Empowerment and ownership of one's own journey were two of the biggest themes we heard from these female entrepreneurs.
"Ownership of my own time. I can spend my days and energy in ways that align with my goals and dreams versus working for someone else on the clock from 9-6 every day. When I had my traditional career, I was constantly working for the weekend and my vacation days. As a business owner, every day is mine to make."
- Jami Stigliano
"What I love most about being a business owner is that, while it's a roller coaster you need to buckle up for, I have choice. I get to create a life around a business that I love, creating experiences with a team I enjoy, with clients. I feel grateful we get to create space for women that didn't exist before, while attempting to design the life of my dreams for my girls. There is no glass ceiling on my unicorn dreaming."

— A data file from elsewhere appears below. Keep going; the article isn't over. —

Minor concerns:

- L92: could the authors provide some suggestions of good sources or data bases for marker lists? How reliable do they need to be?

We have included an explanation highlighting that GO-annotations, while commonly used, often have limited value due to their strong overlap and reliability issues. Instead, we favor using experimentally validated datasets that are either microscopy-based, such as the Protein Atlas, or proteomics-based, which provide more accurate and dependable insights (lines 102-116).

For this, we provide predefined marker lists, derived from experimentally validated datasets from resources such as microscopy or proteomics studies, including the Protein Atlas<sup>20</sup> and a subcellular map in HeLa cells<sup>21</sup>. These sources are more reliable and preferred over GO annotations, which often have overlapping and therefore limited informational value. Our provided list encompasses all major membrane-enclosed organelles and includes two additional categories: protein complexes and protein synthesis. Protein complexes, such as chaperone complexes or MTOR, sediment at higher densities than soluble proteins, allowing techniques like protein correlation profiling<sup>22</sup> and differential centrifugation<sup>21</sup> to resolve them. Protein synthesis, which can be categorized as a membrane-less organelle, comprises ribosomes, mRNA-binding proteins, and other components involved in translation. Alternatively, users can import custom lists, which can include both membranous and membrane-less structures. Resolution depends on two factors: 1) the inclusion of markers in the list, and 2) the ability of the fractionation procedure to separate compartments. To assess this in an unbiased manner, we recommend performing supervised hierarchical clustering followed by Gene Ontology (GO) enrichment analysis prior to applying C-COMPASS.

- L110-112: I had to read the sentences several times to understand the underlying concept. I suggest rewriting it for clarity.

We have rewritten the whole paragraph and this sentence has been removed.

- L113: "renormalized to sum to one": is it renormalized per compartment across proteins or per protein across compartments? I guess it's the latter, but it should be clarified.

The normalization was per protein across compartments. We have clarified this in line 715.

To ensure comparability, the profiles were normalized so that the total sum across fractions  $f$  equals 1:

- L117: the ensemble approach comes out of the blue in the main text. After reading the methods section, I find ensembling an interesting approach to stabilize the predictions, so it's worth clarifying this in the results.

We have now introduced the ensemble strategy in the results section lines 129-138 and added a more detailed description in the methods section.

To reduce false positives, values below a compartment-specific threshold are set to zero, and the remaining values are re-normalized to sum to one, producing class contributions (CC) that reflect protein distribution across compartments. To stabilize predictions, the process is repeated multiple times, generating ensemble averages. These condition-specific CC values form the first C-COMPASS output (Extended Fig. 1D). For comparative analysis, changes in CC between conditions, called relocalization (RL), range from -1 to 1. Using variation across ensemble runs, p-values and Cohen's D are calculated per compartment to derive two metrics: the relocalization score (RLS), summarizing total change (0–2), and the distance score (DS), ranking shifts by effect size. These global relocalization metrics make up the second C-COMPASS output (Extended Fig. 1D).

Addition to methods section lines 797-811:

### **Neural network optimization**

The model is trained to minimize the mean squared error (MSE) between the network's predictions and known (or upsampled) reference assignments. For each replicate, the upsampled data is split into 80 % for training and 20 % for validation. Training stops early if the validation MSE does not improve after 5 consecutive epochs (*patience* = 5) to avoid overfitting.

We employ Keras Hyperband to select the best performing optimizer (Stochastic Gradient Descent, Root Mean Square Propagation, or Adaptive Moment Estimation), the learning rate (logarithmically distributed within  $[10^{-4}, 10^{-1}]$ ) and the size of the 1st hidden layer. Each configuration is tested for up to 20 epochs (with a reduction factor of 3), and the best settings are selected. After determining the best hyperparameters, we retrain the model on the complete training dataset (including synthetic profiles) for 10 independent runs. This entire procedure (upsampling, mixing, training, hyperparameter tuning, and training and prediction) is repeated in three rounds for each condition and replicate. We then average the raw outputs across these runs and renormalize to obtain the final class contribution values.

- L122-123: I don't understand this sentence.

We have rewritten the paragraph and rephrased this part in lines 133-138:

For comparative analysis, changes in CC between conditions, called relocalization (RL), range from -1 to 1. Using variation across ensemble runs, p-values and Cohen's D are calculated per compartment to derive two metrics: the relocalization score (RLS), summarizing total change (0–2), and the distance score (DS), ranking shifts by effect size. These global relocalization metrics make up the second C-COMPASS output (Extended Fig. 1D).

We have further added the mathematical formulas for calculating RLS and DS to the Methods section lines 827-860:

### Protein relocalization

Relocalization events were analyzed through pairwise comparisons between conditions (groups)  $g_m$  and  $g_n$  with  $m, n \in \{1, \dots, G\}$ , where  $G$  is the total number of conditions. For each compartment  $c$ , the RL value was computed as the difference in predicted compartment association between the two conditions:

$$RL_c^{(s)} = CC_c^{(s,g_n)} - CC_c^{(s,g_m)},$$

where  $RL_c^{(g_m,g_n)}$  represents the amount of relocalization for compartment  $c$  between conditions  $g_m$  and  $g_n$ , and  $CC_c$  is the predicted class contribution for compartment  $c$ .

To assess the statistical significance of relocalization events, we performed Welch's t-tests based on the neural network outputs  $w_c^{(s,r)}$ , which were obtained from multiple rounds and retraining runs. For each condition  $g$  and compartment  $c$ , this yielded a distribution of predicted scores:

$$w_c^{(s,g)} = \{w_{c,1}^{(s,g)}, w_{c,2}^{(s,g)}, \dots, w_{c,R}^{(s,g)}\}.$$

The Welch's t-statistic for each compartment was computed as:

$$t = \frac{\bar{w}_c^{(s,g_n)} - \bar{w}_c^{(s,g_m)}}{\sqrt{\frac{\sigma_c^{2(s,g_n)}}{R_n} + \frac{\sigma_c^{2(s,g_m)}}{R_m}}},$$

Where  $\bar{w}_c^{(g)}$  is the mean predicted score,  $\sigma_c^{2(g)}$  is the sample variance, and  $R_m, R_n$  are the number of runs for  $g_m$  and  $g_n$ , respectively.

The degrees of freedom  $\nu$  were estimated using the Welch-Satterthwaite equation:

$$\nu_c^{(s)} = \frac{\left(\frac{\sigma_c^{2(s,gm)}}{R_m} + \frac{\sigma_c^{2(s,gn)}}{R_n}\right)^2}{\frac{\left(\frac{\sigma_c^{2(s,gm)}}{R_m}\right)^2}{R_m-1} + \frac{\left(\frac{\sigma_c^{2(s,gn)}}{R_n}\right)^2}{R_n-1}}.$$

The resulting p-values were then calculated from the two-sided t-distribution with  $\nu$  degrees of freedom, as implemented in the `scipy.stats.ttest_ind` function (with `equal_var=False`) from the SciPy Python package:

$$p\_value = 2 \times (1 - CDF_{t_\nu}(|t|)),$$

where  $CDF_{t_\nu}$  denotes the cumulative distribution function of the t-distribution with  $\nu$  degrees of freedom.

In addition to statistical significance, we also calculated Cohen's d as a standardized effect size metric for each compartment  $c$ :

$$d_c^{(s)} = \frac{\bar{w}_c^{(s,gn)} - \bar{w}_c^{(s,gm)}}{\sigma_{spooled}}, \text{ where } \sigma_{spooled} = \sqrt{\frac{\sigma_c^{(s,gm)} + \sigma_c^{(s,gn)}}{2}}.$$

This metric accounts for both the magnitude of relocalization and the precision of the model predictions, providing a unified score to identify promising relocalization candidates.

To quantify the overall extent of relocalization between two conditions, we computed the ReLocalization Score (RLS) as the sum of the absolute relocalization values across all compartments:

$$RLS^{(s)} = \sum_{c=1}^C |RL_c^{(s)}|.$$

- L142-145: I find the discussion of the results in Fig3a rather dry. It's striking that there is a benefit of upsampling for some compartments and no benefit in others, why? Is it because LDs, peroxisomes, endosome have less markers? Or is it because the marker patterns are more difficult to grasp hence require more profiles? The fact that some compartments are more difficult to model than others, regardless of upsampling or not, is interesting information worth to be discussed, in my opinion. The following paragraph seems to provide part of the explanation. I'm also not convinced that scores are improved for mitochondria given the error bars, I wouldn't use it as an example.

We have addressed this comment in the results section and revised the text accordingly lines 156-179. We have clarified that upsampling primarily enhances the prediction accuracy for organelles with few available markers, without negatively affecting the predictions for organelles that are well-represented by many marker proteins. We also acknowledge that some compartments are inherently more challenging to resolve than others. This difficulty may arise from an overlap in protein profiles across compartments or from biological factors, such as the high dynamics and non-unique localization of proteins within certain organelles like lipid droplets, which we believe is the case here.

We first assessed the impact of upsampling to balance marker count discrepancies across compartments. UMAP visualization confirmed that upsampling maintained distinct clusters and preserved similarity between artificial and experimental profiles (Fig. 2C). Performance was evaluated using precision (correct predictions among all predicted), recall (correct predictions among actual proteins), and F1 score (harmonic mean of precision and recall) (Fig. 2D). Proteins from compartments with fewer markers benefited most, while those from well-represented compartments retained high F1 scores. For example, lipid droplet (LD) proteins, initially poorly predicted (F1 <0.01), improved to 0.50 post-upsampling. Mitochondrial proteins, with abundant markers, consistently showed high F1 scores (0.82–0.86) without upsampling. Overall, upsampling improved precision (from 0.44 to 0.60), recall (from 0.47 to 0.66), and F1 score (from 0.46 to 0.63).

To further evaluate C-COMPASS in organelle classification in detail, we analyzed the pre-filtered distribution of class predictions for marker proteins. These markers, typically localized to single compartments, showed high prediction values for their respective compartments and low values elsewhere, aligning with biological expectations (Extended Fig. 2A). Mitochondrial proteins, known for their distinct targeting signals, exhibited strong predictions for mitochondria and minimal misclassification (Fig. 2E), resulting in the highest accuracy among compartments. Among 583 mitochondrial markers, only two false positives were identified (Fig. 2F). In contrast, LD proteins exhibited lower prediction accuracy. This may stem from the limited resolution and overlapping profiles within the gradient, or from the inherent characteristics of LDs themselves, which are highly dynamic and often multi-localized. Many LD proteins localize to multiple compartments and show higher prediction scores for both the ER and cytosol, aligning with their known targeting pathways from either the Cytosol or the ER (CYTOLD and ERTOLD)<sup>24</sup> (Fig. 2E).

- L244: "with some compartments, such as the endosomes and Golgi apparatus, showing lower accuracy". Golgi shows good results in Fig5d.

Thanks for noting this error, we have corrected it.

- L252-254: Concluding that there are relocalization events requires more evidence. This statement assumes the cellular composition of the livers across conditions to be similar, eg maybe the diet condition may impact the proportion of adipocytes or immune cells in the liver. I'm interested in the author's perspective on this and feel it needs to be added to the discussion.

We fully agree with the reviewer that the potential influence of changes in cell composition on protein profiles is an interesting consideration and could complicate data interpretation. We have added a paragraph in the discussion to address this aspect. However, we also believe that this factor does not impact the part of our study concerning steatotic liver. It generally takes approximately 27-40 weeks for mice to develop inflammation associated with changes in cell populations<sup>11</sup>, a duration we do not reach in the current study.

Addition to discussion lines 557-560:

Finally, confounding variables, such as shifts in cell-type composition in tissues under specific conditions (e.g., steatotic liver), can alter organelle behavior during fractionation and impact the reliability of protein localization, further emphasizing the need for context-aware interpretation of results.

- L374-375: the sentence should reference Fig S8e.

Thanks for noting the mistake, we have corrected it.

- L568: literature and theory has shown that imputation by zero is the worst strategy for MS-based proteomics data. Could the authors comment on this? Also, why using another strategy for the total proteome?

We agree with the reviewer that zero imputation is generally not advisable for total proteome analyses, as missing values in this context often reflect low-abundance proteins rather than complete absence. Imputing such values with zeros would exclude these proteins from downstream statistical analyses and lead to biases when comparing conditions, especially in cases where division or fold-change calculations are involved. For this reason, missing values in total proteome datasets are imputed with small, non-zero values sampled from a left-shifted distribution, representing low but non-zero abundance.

- Alex Bradberry
These women have all had incredible experiences leading them to where they are today. They've each found success in different industries, and their stories and insights can serve as inspiration to fellow female entrepreneurs, including this advice for those just getting started.
What's the one thing you wish you knew when you started out?
"How exhausted I would be the first year."
- Vivanna Langhoff
"How important a good accountant is."
- Dani Everson
"It doesn't get easier, you just get better. *looks in mirror* You go, girl."
- Alex Bradburry